Reboa Training System

Project Info

Fundings US Army

Objective Develop a device to track a catheter, with translation, torque, force feedback

Date 02.2017– 02.2019

Contact , 




Project Description

REBOA (Resuscitative Endovascular Balloon Occlusion of the Aorta) is a potentially life saving procedure to stem bleeding into the abdomen and lower body. A balloon catheter is inserted through into the common femoral artery in the groin specific zones in the aorta and inflated, temporarily blocking blood flow while repairs are effected. It is typically performed without live imaging assistance, and animal-based training is not suitable. A simulation-based training system is needed to allow military and civilian trauma and emergency physicians to learn standard technique and use of new REBOA catheters.

Expanding our previous works on interventional radiology simulation, we are developing a novel simulator for REBOA that will include physical vascular access, simulated passage of the IR instruments into the aorta with accompanying training/educational content, device withdrawal and closure. The tracking system uses optical navigation (laser mouse) sensing to detect catheter/guidewire axial and rotational motion, instrument diameter detection and actuators to generate haptic feedback on the catheter or guidewire. The trackers are designed to be compatible with fluid exposure (supporting inclusion of fake blood) and sterilizability (for potential use in endovascular navigation assistance applications). Trackers mounted to instruments and within the simulator capture needle, femoral catheter, dilator/sheath, guidewire and balloon catheter motions directly or by calculation of motions of instruments relative to each other as they enter a simplified fluidic system.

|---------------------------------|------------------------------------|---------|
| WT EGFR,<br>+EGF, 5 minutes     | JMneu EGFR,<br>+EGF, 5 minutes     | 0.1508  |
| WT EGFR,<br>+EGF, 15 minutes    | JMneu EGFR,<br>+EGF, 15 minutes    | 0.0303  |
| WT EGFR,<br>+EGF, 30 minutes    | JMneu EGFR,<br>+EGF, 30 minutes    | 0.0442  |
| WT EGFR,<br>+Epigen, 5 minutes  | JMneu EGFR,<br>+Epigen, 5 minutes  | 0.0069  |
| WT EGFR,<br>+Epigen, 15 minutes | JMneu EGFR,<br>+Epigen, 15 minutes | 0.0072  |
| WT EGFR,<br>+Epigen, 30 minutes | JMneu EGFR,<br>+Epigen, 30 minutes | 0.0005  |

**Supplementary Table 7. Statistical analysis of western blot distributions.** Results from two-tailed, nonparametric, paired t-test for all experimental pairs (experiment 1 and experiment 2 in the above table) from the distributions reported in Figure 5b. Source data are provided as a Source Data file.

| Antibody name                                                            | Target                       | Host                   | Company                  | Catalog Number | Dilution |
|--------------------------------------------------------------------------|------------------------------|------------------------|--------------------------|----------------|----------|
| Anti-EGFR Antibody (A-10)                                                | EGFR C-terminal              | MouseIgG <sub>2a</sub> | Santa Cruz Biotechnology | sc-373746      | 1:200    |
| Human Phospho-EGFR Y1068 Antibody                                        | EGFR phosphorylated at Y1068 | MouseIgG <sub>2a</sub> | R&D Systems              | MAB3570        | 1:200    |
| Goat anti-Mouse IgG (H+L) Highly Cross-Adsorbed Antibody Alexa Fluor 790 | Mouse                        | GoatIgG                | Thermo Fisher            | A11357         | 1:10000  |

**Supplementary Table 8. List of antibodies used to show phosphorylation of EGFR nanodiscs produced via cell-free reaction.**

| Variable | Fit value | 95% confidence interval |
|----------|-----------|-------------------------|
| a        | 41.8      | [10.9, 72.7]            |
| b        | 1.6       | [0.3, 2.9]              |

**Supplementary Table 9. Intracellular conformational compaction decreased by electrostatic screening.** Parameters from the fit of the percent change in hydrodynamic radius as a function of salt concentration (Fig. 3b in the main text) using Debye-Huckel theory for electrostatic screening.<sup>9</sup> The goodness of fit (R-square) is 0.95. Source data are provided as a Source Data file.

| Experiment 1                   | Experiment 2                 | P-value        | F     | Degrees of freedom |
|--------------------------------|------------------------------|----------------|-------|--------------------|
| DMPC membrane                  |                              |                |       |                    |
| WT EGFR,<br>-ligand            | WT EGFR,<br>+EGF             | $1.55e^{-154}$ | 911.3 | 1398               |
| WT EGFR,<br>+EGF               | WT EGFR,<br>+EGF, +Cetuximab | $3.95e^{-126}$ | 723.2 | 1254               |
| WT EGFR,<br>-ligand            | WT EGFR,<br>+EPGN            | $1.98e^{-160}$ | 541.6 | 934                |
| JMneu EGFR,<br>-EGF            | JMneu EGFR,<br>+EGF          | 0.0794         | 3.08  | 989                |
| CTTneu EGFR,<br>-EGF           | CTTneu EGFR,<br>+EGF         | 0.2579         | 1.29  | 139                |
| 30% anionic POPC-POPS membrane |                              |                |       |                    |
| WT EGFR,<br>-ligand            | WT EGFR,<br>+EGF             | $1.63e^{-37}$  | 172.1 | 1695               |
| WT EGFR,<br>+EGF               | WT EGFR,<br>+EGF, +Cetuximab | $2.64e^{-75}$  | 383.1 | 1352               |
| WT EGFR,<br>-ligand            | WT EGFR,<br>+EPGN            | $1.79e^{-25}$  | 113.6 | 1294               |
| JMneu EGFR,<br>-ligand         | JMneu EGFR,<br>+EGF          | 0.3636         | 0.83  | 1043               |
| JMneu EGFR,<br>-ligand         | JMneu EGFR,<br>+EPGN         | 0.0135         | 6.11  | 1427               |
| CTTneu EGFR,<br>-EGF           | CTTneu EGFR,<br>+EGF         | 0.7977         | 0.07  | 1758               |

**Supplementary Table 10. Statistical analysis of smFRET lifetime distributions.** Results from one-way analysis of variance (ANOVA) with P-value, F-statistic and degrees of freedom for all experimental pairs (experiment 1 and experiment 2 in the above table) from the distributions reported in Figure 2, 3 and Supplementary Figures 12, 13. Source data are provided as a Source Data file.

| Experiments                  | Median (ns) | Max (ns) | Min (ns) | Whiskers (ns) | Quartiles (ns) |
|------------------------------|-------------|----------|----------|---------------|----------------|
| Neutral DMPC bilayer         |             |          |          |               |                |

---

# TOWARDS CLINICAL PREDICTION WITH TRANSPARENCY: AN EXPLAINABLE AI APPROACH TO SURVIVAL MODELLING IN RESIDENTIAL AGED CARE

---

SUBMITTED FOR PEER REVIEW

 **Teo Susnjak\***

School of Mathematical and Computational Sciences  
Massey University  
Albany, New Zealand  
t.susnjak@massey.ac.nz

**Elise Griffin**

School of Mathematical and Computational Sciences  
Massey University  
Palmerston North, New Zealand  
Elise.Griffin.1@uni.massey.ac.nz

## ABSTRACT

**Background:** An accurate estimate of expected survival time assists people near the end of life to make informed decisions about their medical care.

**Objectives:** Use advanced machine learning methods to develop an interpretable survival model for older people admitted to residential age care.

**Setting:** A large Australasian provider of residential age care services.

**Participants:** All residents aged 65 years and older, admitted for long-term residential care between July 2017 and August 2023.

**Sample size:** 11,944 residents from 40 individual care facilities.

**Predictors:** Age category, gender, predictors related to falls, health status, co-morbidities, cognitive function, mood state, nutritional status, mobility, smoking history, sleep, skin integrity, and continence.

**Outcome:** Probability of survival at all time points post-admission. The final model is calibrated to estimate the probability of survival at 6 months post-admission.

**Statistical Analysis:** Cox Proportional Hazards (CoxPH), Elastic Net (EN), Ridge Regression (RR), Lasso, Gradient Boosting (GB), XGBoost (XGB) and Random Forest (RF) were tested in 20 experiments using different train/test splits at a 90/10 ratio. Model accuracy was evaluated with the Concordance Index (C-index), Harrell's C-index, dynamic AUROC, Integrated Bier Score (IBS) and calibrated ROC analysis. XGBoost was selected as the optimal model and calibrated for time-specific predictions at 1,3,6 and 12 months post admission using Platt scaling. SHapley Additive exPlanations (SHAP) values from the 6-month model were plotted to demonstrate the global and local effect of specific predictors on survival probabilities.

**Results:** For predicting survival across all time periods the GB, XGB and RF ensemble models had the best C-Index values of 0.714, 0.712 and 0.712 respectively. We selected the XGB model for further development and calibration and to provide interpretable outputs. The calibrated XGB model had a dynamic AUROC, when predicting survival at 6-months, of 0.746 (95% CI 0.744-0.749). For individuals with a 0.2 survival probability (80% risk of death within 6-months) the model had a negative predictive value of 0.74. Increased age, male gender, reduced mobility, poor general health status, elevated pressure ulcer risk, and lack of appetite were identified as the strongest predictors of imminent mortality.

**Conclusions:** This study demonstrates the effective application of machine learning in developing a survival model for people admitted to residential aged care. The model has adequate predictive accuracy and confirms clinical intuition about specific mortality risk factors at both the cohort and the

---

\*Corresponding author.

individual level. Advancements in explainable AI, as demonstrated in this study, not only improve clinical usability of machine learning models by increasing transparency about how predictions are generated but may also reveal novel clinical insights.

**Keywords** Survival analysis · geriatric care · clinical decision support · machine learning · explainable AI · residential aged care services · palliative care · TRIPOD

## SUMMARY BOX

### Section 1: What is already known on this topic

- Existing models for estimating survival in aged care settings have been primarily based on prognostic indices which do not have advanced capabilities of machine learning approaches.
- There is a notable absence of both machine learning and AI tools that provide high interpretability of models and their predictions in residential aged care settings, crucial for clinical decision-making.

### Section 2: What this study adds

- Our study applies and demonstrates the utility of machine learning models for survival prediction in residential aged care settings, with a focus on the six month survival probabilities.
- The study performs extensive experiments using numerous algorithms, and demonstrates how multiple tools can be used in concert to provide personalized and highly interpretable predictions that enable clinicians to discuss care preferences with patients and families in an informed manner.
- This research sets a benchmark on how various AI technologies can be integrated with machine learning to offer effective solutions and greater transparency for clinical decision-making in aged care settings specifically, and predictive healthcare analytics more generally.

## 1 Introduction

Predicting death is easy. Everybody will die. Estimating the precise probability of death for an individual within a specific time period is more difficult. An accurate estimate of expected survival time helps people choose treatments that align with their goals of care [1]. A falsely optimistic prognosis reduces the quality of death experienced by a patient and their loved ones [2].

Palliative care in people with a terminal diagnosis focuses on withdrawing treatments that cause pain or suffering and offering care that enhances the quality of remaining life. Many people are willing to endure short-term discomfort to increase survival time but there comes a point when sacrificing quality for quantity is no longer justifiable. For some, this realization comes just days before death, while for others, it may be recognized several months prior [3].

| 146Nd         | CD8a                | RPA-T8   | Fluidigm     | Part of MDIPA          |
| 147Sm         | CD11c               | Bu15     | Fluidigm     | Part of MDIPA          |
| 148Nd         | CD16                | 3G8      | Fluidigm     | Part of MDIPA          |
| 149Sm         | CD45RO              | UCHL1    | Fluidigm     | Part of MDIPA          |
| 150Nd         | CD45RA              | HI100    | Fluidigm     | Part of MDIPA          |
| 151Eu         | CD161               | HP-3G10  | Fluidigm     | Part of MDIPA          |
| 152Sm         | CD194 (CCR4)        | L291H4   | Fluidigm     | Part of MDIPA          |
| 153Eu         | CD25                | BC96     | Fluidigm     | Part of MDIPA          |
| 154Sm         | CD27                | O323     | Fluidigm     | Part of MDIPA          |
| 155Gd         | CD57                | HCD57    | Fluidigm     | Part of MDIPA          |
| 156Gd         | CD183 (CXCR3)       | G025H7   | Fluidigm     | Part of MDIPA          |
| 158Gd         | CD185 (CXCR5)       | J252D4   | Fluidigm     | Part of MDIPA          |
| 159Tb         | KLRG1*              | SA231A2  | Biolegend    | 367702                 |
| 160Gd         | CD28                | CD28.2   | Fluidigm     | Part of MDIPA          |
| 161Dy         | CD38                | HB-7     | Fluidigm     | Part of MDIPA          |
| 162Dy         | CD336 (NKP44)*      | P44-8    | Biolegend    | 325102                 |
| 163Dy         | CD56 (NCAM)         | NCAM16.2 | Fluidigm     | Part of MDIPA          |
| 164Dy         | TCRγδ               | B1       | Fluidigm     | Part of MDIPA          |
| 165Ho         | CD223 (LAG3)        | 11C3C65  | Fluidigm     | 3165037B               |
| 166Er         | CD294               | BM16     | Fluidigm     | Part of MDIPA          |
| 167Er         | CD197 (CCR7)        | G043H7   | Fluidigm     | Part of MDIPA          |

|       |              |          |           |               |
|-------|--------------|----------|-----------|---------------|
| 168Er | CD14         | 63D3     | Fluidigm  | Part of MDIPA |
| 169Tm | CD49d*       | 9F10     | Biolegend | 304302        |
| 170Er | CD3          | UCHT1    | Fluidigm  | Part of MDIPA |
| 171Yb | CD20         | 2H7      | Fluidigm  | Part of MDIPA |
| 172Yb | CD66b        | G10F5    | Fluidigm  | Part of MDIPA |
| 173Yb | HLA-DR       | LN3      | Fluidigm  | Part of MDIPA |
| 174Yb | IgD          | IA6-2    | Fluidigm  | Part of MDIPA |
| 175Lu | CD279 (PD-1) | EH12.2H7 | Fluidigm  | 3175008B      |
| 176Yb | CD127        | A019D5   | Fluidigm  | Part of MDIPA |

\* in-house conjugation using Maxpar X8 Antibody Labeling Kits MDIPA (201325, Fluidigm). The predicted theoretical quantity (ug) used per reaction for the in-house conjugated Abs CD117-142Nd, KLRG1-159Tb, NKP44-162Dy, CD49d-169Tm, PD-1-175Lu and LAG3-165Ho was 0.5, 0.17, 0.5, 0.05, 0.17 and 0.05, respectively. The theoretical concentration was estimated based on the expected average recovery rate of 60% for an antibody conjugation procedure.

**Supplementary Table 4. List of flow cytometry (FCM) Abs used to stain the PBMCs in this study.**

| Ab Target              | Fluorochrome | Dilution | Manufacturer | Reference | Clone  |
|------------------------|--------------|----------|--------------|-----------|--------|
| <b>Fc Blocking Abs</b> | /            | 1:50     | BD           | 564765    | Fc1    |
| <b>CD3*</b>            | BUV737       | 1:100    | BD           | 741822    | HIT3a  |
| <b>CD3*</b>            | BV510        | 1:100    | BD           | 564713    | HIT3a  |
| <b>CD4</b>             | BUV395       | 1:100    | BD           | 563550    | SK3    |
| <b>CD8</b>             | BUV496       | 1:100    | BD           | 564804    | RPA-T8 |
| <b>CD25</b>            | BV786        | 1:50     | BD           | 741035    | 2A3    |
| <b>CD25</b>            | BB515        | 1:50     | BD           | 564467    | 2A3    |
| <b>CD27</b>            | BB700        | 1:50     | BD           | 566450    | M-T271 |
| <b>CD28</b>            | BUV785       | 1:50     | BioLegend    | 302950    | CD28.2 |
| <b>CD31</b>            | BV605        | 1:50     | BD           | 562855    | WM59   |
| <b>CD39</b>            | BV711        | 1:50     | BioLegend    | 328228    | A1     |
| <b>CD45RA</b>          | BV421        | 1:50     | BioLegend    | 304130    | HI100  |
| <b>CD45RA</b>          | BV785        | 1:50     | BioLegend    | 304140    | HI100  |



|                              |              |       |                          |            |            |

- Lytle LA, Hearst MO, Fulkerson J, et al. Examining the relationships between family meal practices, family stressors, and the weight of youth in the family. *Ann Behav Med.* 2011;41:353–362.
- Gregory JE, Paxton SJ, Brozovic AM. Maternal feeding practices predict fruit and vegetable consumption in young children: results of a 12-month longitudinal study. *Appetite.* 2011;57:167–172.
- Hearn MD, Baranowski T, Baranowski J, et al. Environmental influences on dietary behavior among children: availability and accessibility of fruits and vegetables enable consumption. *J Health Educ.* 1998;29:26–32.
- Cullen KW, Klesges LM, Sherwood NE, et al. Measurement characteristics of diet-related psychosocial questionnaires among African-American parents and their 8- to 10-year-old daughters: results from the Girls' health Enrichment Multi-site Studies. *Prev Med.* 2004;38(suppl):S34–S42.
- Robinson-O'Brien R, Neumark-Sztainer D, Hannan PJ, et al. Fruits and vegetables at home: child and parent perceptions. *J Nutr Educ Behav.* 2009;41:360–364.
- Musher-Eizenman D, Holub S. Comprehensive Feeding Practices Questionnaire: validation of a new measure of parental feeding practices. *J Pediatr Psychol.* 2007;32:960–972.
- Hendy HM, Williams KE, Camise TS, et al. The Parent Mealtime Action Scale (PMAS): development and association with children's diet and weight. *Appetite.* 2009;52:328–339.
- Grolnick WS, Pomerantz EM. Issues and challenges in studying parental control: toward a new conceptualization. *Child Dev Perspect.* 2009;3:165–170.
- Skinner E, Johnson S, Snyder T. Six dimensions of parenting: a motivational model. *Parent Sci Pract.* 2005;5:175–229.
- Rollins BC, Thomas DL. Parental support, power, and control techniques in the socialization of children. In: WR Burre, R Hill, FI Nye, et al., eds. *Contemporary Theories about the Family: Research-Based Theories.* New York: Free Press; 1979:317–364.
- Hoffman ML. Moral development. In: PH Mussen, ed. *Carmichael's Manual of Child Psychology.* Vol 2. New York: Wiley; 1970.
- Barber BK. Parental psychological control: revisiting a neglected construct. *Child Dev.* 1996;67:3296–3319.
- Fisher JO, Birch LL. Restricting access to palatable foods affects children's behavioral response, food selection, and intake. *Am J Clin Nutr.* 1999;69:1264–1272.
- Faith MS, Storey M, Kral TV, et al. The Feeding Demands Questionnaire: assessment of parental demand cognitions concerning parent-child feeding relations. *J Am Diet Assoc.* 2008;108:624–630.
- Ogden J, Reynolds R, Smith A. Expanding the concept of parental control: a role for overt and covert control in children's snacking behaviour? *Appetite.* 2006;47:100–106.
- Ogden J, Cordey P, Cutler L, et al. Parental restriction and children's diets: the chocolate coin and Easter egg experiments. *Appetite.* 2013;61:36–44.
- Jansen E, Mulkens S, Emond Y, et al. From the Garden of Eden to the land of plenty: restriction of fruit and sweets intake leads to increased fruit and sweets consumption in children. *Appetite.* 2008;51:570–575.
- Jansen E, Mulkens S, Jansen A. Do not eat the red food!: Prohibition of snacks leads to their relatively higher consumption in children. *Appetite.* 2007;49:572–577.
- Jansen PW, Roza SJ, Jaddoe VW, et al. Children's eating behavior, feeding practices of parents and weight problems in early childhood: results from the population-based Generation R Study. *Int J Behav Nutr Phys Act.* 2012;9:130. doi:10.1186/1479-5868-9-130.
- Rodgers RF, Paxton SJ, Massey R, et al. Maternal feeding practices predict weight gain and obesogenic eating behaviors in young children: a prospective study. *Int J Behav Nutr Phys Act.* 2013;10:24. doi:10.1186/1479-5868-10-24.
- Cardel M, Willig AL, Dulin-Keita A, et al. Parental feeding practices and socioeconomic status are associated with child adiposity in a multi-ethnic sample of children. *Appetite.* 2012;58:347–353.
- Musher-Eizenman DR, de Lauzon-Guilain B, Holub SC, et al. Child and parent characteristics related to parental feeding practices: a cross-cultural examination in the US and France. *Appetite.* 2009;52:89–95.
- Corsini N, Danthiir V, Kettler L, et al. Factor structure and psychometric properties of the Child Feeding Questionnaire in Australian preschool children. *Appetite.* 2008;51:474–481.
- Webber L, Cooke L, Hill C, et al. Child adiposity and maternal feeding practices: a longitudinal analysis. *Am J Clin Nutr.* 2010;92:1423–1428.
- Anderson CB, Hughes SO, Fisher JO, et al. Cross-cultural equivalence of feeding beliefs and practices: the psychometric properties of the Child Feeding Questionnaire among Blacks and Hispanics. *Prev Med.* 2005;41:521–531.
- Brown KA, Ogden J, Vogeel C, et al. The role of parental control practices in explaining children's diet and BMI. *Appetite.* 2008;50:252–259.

The system is designed to be compatible with CODA balloon catheters, the newer ER-REBOA catheter and other similar systems. Motion of and reaction forces on the devices passing through the vasculature, and blood flow within virtual vessels is computed in real-time, and synthetic views of virtual instrument motion can be displayed to the trainee to provide understanding of the procedure and illustrate when errors are committed.

Errors such as venous access and incorrect location of balloon inflation can be detected. The underlying software architecture links the wireless, battery powered trackers to a portable tablet or similar interface, which can record performance for later review and evaluation.

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